My 2 cents!

Bob

#3 SharpDiver

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Posted 23 April 2002 - 05:40 AM

I just took an all day Photoshop class a few weeks ago. I was totally blown away by what I didn't know about a program I have been using for years.

I bought several books from the seminar producers and am reading and practicing now. Most of the first book I am reading is aimed at preparing images for process printing, yet there are tricks for color correction there that I would never have tried.

One that I am particularly thrilled with that I will pass along to the rest of the PS junkies...

Convert an image from RGB to CMYK.

Use Unsharp Mask on the black plate. Set a moderate threshold, a fairly large radius, and a large amount (300 - 500).

Do the same thing to the weakest color in the image (often magenta in UW photos).

Look at the results. You can often get much sharper images than if you do an USM to the entire image. You can also combine this affect by now doing a very conservative USM to the entire image.

Something to try....

As Bob said, post-processing is an important element of the hobby we have all adopted.

#4 james

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Posted 23 April 2002 - 06:07 AM

Yep and Yep,

One suggestion for Eric would be something similiar to what they have over at robgalbraith.com: a "Photoshop to Prepress" forum.

I put together a selection of my photos in one of those divided picture frames this year as a Christmas gift to my parents. I was wondering why what I was seeing on my monitor wasn't what I was seeing on my glossy photo paper...:)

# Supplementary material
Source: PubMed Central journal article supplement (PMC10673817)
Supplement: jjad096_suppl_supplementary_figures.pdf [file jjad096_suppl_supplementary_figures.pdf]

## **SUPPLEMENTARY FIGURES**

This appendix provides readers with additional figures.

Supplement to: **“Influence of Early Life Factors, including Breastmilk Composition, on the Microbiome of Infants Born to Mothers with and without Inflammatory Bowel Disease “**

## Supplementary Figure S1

So I learned about Adobe Gamma (for my monitor) and printer profiles...oh what fun!

I agree with Jeff - most people only use about 20% of Photoshop's capabilities. I know that's about what I use.

This is certainly an interesting discussion. It's sort of running parallel to some of the discussion on the uw-photo listserv.

Cheers
James
Canon 1DsMkIII - Seacam Housing
Dual Ikelite Strobes
Photo site - www.reefpix.org

#5 snoack

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Posted 23 April 2002 - 01:56 PM

I was inspired by that idea and played around a bit.

Did you ever try to apply the USM to a copied level of the original set to a lower transparency ?

View results at http://www.dive.snoa...gitips/usm.html

Loading the page might take some time, because compressing the pictures would have destroyed the USM effects. Sorry.

Sabine

BTW: This post should finaly make me a lionfish :)

#6 SharpDiver

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Posted 23 April 2002 - 03:10 PM

just passing along things I've read.

The method you mentioned is also used in the book I am reading.

FYI: The book is "Professional Photoshop" by Dan Margulis. He was a Madison Avenue art director before he started teaching Photoshop. You would love it if you like to experiment and if you like to get the most from your images.